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The attraction of film photography

Kodak emerged from bankruptcy last week. A good time to ask why film still holds its magic over photographers like myself and continues to attract new users.


This is my own idiosyncratic view of photography and not a rehash of the digital versus film debate. Digital technology has been a great liberator of photography making it easier not only to take photos but also to share them over the web. Digital photography has also reduced the cost and simplified the process. For those that want their photography quick and easy, digital photography is the perfect tool. So what is the attraction of film?

Some photographers choose film for technical reasons, for others it is that film offers a different experience of photography. Technically film can out perform digital in many ways especially when using medium and large format films. Even so this comes at a price, which is the cost of film and processing together with a slower workflow. For the film photographer the quality of the final image is worth the extra cost and effort.

I fall into the camp where the attraction of using film is mainly due to the experience of the process. To a large extent this is about the feel and method of using my film cameras and light meter. Digital can be too direct; no sooner have I taken a photo than it appears on the screen, I know exactly what I have. When using a film camera my photography changes, the image I am trying to make is more in my head than in the camera. It will often be a few days or more before I see the actual photographs I have taken. This is when I discover if my skill was sufficient to complete the task and whether I have succeeded in creating the image I saw in my imagination.


Another attraction of film is the various formats that are available and the actual shape and size of the image that the camera produces. Looking at my photographs on this page you can see that it ranges from the square format of 6x6cm to the long thin rectangle of a 35mm panoramic image. Yes, you can crop photos in the darkroom or on the computer but it is not the same as composing a photograph with a camera.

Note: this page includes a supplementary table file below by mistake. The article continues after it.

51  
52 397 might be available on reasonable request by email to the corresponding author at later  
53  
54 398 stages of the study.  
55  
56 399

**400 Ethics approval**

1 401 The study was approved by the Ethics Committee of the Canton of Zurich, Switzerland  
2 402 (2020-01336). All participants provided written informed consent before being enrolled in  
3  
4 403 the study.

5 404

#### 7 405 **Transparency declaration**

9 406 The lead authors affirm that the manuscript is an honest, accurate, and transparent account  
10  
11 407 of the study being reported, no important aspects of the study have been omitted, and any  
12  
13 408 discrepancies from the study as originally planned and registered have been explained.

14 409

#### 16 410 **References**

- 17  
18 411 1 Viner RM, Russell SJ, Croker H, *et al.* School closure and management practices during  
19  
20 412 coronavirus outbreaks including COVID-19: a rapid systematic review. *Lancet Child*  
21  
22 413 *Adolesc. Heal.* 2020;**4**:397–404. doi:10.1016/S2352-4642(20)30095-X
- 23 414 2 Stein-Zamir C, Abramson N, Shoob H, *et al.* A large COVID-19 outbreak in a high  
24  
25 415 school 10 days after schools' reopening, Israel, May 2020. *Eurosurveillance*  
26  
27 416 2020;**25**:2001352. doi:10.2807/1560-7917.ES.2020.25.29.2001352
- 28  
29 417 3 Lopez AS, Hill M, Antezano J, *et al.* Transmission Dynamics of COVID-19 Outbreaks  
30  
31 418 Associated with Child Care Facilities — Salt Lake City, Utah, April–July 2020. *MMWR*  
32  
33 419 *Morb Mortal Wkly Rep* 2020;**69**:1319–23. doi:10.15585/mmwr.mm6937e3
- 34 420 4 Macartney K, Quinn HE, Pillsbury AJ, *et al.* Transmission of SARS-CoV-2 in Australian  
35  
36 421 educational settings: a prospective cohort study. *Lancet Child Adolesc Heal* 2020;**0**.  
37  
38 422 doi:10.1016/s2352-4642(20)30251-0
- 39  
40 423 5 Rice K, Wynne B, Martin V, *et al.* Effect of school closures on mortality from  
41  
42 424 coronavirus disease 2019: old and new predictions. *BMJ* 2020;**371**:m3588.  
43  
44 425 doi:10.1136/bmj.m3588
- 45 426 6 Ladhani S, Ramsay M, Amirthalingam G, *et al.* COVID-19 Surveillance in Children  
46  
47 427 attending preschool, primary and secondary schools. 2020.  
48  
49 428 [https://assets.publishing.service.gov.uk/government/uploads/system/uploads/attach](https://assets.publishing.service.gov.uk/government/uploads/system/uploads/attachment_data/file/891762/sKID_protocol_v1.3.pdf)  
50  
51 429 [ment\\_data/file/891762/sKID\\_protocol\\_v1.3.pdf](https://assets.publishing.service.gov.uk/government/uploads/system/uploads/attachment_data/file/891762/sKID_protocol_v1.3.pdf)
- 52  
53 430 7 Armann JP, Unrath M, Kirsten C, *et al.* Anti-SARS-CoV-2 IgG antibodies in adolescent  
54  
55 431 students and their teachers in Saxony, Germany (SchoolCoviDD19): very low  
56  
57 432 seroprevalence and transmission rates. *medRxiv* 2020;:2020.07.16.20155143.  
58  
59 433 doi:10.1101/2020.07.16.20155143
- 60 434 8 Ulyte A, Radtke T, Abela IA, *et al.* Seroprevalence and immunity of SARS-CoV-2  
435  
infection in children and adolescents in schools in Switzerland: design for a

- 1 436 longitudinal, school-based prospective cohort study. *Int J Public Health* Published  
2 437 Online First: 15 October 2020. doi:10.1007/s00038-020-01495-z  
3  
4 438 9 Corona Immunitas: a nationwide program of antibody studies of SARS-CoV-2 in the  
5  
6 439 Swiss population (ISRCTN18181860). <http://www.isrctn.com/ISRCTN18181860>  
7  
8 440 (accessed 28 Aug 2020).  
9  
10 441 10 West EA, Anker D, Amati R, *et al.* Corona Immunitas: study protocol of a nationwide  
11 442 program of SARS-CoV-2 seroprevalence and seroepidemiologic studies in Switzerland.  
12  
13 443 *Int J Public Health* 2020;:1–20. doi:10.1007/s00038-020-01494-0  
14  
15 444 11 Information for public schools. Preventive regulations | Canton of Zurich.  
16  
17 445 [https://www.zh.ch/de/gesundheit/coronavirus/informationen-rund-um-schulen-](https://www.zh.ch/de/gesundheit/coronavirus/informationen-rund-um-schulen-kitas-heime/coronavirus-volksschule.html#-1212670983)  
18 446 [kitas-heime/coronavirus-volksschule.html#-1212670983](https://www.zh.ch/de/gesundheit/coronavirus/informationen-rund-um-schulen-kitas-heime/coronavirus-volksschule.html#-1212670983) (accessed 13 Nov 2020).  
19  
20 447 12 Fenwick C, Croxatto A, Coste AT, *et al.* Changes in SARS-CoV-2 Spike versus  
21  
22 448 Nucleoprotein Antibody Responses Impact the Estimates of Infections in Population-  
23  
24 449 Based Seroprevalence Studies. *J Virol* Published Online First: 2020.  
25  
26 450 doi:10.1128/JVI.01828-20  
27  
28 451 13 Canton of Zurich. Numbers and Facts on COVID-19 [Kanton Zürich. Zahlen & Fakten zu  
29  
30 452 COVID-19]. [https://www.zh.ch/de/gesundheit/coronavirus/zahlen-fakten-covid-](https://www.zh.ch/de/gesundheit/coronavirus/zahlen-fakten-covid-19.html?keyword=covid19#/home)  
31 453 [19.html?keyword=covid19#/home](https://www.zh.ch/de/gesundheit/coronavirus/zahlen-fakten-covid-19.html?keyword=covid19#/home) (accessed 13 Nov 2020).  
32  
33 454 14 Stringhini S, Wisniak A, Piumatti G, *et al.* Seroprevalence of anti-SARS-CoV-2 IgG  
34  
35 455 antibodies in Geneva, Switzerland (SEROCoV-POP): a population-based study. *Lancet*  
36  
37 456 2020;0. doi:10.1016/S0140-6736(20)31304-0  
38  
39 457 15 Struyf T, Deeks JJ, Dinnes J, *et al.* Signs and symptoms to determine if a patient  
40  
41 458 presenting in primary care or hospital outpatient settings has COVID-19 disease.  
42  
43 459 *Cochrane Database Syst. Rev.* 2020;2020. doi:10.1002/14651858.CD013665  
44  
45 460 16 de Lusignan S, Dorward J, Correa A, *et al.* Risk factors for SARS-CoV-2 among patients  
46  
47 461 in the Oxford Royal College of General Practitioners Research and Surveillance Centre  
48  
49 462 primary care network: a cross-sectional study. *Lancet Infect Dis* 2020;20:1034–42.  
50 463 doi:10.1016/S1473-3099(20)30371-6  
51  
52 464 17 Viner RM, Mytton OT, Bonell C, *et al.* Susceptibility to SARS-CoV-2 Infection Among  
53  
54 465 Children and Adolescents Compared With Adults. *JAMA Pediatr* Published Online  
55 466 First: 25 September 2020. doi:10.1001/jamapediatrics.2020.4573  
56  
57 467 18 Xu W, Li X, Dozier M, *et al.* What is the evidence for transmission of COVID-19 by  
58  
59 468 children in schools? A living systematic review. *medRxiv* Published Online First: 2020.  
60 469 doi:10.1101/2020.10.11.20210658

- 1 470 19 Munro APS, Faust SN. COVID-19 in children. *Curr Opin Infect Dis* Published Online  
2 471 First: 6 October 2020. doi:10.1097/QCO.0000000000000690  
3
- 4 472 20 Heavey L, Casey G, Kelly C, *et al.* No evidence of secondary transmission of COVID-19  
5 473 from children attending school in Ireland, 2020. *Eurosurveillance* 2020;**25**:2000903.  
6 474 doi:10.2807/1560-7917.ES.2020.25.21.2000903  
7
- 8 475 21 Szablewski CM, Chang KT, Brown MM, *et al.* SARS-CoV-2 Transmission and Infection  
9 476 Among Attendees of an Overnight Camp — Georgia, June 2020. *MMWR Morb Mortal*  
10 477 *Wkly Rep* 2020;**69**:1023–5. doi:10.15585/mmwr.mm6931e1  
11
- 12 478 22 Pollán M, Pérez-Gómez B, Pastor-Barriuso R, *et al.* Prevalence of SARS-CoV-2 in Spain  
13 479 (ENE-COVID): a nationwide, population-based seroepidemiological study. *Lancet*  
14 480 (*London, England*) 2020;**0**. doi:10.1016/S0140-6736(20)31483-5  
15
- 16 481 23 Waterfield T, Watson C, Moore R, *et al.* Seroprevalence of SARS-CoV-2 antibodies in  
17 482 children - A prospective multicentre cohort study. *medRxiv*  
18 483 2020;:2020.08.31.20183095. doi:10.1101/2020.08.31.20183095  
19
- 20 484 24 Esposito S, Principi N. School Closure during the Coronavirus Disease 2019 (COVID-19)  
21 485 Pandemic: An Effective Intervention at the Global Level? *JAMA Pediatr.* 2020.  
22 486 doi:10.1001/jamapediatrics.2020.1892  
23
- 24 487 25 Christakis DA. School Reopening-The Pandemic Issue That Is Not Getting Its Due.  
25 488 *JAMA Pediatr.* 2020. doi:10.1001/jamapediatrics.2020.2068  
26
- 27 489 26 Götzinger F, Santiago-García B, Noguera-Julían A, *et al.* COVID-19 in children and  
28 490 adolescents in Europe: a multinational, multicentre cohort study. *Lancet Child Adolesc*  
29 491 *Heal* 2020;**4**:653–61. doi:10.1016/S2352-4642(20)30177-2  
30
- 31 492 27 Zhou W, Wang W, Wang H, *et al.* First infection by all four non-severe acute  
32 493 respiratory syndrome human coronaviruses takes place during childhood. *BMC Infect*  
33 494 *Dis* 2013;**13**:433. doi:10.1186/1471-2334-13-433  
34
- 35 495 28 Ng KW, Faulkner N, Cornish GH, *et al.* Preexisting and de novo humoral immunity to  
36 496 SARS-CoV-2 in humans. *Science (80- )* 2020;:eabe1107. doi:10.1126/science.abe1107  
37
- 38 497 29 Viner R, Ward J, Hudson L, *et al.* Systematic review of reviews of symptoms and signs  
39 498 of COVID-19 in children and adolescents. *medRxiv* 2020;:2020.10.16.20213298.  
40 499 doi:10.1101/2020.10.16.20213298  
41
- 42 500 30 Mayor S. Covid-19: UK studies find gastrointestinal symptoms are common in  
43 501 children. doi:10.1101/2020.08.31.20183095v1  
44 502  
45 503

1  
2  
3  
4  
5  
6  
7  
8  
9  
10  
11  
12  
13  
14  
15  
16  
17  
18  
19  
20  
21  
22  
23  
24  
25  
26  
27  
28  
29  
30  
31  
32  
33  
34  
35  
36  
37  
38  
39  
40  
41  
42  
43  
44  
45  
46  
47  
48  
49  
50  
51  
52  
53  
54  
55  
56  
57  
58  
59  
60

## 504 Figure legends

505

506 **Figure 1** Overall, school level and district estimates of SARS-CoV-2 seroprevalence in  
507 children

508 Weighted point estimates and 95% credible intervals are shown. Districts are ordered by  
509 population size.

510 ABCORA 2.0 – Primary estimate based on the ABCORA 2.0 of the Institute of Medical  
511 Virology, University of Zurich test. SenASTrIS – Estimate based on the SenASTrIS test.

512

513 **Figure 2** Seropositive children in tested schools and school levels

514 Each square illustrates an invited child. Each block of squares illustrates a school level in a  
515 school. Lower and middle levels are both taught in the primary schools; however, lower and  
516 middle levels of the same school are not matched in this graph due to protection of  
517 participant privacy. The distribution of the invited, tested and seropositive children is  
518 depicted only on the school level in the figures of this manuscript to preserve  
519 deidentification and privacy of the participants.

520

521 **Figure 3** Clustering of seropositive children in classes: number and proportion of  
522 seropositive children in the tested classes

Photography for me is a participation activity and the more it engages me, the more I enjoy it. This though is dependant on the subject matter that I am photographing. There are times when I prefer to use a digital camera such as when using flash and especially in a one of a kind situation when the reassurance of seeing the images there and then is a blessing.

By contrast film can still offer surprises, at times I only have a general idea of how the photograph is going to turn out. An example of this is the photo of Hannafore Promenade above. It was taken after sunset under a dull, cloudy and darkening sky. The apparent brightness comes from the ninety-second exposure. My intention was to blur the waves – and in that I succeeded, though the blue cast was a surprise. It is due to the coolness of the light and a technical thing called reciprocity failure that occurs with long exposures.


Another attraction is that while the range of films available has diminished over the last decade, what has survived includes some of the best films ever made. Couple this with the availability of good quality pre-used film cameras and equipment at very reasonable prices and it is understandable why film is still attracting new users.

My final example of the attraction of film is that it is a tactile experience, you can touch it. Hold the negative up to the light and see this magically reversed image imprinted on it. With experience you can even judge the range of tones and the density of the image. A nice feeling when you see you’ve got the exposure spot on and informative when you haven’t.

Last year I discovered the marvels of one of Kodak’s latest and best films, Portra 400. It is an ideal film to use in a hybrid workflow – that is scanning the negative to prepare it for printing using software such as Photoshop rather than using optical printing. It has become one of my favourite films and is one reason amongst many that I am pleased by the news of Kodak’s survival.


What do you think? Do you still enjoy using film? If so why?

Tell us in the comments below!



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